• While declining, let the host know that you care about them and miss them, but are not ready to meet in-person.

Offer an Alternative

  • If possible, suggest a safer alternative to the invitation such as meeting online over Zoom or FaceTime.
  • Suggest meeting at a later date.

Examples of How to Decline an Invitation

  • “Thank you for the invitation. Unfortunately, I am not currently going out or gathering with friends and family.”
  • “That event sounds really fun. However, I’m not really comfortable gathering with others at this time.”
  • “Thank you for the invitation. I really miss seeing you. I’m not quite ready to meet with others in person. Would you like to meet over Zoom?”
  • “Thank you for the invitation and for thinking of me. At this time, I am not going out of the house, but I’m looking forward to when we can safely gather again.”
  • “Thank you for inviting me to _______. However, my children want me to stay home since it is the best way for me to stay healthy and safe. Hopefully we can get together soon.”
  • “Thank you for the invitation. However, since other groups and organizations are not meeting at this time, I do not think that we should gather. Although I miss seeing everyone, I want us all to stay safe and healthy.”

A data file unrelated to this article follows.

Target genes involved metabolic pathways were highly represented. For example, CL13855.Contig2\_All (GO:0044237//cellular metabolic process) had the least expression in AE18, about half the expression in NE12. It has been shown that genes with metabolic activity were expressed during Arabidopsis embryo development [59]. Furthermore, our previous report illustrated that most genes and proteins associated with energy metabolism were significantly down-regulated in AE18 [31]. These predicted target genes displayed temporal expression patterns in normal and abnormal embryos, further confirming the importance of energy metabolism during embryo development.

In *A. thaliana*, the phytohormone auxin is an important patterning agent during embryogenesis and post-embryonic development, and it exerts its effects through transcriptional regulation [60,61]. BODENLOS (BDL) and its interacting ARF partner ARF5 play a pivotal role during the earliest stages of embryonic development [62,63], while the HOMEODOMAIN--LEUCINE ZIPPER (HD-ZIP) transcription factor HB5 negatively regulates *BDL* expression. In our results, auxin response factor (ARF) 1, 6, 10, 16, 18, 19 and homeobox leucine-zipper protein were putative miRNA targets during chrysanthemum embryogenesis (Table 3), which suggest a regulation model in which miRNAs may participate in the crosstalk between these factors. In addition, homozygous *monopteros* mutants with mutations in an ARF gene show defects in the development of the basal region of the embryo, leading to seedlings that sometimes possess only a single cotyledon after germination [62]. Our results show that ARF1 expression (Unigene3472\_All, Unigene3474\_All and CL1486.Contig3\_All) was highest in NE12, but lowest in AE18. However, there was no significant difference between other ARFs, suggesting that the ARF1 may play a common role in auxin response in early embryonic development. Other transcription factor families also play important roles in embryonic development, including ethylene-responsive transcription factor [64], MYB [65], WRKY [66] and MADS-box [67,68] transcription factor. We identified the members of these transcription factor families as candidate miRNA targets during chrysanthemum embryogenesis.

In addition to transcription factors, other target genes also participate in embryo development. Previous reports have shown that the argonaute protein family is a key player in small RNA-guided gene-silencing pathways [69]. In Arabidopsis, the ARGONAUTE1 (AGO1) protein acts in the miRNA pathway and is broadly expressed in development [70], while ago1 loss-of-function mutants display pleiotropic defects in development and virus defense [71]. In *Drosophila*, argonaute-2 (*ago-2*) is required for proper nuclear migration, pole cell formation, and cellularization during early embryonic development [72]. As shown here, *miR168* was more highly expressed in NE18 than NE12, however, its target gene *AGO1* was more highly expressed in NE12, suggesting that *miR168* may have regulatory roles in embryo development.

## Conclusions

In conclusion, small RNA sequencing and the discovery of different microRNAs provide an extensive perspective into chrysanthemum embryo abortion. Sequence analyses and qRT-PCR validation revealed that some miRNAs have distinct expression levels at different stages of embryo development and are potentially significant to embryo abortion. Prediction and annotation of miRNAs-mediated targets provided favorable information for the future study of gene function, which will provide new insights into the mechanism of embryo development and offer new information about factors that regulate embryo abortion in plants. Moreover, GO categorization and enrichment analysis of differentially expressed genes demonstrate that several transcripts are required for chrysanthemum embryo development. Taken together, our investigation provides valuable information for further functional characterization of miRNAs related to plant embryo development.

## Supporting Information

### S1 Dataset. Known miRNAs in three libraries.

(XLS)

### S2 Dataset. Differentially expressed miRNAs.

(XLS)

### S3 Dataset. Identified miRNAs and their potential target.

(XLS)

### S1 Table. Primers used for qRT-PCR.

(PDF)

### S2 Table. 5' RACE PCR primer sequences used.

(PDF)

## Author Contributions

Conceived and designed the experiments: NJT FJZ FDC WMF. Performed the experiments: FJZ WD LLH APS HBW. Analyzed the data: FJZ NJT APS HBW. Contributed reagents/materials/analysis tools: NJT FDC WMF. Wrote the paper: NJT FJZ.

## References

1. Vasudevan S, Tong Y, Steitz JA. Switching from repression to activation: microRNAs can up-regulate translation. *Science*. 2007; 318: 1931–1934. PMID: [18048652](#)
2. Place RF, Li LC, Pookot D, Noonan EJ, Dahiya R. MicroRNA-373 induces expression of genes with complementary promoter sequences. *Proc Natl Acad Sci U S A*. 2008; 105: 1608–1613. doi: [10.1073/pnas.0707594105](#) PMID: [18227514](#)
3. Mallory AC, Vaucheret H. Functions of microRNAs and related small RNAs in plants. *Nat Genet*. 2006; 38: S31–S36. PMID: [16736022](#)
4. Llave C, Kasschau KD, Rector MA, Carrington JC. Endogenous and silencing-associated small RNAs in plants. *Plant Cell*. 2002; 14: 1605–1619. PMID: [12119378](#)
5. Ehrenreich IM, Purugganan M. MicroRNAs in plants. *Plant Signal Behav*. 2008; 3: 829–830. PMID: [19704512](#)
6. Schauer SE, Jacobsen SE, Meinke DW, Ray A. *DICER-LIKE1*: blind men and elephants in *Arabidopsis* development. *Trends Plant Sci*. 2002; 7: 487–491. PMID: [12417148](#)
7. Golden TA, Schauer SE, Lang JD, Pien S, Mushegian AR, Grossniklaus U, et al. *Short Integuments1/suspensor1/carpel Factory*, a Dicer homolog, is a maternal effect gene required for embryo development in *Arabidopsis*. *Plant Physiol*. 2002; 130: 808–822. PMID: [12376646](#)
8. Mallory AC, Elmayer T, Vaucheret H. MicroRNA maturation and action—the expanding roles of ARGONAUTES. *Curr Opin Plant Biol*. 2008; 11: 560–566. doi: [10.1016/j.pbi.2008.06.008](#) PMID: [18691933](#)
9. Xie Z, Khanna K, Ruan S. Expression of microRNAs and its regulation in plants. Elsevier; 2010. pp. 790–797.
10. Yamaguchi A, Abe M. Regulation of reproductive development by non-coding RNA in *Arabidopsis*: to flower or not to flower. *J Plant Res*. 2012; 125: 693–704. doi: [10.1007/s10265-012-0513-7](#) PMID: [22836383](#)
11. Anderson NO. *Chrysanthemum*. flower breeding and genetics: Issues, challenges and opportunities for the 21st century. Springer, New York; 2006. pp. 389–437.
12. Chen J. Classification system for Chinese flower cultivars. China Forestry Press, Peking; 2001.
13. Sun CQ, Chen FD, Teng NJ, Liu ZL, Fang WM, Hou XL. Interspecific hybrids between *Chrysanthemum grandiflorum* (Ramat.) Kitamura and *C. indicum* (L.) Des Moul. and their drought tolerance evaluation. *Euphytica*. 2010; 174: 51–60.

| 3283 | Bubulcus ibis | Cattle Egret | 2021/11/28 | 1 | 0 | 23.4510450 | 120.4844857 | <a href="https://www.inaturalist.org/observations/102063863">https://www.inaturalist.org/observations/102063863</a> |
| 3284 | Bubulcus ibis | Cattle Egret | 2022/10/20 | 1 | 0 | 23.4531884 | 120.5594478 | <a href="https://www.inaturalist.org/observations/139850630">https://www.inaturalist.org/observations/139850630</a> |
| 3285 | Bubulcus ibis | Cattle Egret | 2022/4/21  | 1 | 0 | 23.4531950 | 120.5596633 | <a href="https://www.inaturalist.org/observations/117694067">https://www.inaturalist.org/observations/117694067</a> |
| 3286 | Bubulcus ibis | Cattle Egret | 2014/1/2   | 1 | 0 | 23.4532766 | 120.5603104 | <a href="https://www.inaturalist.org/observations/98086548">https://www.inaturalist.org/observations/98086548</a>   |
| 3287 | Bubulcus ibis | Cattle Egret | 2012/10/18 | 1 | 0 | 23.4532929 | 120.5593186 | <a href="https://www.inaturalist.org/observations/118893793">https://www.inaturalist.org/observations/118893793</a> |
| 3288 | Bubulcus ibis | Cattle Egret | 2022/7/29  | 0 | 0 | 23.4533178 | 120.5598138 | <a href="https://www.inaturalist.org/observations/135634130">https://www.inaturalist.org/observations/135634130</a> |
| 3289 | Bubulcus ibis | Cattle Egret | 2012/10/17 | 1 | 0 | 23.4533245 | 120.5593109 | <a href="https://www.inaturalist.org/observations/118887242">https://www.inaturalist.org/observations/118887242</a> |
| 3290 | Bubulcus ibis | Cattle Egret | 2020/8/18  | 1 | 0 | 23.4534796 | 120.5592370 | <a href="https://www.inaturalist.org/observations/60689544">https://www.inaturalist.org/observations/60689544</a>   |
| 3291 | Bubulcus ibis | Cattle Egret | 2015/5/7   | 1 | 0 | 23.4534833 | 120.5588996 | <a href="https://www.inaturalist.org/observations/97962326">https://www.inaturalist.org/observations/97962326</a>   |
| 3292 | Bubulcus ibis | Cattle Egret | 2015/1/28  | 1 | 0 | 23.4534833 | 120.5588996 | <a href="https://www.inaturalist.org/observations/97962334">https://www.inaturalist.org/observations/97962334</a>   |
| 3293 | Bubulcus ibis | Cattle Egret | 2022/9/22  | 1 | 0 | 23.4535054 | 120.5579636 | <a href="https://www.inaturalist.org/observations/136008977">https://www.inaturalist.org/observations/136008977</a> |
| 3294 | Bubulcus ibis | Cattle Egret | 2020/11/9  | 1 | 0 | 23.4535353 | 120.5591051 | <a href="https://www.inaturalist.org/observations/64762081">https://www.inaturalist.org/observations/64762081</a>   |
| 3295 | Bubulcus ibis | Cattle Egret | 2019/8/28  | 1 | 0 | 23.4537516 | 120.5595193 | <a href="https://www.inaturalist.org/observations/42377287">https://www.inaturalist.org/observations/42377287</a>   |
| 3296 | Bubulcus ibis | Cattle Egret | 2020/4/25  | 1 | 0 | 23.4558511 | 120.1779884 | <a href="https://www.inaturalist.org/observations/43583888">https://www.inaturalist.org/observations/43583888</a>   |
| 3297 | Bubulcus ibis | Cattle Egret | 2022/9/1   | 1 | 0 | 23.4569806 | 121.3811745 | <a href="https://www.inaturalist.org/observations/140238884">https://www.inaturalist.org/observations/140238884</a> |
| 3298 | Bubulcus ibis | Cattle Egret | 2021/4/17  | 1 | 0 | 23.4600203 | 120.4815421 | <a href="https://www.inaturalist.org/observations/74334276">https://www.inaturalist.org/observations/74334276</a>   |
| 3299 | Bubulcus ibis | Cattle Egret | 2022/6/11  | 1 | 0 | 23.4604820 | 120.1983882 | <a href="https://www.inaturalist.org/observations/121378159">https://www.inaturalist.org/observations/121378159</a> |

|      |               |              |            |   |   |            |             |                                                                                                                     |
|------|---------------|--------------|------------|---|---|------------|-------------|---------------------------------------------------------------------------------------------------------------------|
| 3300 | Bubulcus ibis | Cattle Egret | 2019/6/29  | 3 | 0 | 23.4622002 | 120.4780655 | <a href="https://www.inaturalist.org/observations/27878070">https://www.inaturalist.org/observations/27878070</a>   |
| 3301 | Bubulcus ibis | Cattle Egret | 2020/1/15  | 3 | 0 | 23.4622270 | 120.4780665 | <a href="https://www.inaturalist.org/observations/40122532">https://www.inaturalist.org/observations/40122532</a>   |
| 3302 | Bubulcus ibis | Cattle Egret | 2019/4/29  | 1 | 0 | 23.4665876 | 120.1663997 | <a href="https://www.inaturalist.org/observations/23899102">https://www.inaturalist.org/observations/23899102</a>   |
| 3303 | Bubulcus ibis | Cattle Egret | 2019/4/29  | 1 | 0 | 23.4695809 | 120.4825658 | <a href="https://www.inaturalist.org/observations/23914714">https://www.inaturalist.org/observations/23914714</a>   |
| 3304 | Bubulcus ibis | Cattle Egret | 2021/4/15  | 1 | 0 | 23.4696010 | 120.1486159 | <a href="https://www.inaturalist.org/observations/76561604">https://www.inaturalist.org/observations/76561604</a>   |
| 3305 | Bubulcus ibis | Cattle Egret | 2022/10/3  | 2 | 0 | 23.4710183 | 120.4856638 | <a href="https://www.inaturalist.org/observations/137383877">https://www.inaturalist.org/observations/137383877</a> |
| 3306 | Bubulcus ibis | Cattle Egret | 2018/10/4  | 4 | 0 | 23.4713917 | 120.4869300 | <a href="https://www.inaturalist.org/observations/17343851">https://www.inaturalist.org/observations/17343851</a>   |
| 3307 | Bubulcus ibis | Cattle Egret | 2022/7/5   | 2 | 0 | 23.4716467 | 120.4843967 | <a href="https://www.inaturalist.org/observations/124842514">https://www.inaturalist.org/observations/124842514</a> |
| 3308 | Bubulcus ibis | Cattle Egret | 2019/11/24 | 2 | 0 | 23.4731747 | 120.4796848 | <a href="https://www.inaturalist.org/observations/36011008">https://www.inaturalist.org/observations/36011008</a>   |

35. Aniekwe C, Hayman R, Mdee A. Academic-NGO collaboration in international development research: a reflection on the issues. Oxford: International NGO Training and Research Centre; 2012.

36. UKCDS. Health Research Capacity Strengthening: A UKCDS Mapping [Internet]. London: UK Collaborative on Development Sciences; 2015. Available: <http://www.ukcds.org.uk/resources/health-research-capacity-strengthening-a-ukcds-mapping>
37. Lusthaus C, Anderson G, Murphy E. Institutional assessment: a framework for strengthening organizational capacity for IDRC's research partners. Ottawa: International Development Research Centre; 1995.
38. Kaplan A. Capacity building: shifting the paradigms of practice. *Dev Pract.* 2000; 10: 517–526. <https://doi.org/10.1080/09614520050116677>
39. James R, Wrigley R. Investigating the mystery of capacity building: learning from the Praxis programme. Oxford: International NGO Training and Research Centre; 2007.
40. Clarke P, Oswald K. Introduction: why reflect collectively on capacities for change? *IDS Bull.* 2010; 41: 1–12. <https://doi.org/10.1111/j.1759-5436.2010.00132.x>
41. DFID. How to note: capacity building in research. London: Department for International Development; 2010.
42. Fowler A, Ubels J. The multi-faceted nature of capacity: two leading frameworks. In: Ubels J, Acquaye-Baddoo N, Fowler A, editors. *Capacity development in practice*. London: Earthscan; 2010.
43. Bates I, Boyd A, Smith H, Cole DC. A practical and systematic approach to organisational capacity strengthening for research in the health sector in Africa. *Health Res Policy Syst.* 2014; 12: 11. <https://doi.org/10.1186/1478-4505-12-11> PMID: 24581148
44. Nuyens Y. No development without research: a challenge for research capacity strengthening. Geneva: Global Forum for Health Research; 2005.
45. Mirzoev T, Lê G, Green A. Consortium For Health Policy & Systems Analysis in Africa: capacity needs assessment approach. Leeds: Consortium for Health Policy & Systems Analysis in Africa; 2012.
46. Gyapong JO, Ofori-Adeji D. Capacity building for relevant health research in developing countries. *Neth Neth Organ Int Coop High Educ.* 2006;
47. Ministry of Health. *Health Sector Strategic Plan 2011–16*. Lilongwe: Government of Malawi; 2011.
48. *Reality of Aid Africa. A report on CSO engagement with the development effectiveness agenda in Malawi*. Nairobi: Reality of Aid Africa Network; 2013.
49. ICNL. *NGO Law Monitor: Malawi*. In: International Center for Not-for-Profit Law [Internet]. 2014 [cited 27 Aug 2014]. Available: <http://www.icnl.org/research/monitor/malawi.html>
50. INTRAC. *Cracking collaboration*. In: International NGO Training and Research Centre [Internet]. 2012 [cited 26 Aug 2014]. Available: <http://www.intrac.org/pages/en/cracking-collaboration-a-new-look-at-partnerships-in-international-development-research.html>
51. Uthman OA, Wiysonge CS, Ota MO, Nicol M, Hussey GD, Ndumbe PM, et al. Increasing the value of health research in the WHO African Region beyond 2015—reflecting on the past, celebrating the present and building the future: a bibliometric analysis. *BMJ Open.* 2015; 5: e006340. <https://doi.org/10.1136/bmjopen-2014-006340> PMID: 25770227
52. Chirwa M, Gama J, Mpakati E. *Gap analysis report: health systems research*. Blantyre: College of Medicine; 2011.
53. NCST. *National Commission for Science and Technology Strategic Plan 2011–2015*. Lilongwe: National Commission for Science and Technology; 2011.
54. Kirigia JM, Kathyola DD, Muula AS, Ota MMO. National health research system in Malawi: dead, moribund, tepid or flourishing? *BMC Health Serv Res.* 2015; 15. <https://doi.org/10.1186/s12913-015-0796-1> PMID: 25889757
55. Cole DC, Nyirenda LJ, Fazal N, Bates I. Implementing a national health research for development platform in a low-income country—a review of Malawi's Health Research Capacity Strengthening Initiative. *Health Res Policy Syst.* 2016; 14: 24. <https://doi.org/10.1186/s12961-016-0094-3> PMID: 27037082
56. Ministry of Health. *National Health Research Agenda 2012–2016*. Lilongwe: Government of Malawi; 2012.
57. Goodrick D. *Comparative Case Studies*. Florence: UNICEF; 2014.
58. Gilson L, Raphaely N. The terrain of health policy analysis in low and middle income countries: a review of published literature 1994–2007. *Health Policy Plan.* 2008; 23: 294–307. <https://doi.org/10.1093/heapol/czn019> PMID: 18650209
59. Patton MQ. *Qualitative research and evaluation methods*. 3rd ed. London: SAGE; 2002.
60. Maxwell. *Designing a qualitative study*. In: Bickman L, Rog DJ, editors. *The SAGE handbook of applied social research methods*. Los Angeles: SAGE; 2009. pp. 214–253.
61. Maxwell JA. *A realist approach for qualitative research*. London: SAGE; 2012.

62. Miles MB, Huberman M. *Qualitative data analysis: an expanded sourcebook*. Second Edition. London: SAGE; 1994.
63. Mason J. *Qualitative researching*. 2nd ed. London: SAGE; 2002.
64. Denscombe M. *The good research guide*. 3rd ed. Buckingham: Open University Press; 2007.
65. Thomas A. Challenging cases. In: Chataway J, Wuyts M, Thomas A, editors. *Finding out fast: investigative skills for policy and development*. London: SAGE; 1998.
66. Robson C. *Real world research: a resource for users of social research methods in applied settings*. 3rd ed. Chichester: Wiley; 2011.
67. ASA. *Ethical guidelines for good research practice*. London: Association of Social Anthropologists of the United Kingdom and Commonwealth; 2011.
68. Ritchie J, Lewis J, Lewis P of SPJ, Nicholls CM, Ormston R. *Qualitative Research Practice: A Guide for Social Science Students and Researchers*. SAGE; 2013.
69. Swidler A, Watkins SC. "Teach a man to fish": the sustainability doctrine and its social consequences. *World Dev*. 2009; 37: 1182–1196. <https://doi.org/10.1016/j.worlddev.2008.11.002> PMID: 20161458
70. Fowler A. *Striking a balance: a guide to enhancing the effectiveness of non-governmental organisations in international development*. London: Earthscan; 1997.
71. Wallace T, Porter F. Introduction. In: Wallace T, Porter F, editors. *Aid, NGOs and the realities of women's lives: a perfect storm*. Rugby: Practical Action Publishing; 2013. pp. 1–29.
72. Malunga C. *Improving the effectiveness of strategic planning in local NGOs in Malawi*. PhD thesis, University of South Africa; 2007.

• “That event sounds great, thank you for inviting me. However, as older adults we are more vulnerable to serious illness due to COVID-19, and I do not want to risk getting sick or getting anyone else sick by attending this event.”
  • “That event sounds fun. However, I want to include everyone from our group (organization, church, temple, family, etc.). I know _______’s children are not letting her go out, so let’s try setting up a phone call or Zoom meeting instead. That way we can all be together while staying safe.”

Saying no or declining invitations may be uncomfortable and difficult at first, especially if it involves close friends and family. Although we may miss our friends and getting together, we should prioritize our health and safety. Remember, older adults and those with chronic illnesses are at a greater risk for serious illness due to COVID-19. If you find yourself getting invited to outings or events, think about how comfortable you would be in that situation. The gathering will likely not be very fun if you are worrying about your safety and health the entire time. In addition, your friends or loved ones may not be able to attend due to their own health conditions, or their children asking them stay home. Instead of gathering in person, include more people by getting together on Zoom or other platforms to socialize and stay safe. Ultimately, you are the one who gets to make that decision about going out. It may take some practice getting used to saying no, but do not feel guilty about declining.

Published 7/21/2020


Brett, et al. (2013). How to Argue Across Cultures. Retrieved from

Galligher, A. (2020). How to Politely Decline Social Invitations to Events During COVID-19. Retrieved from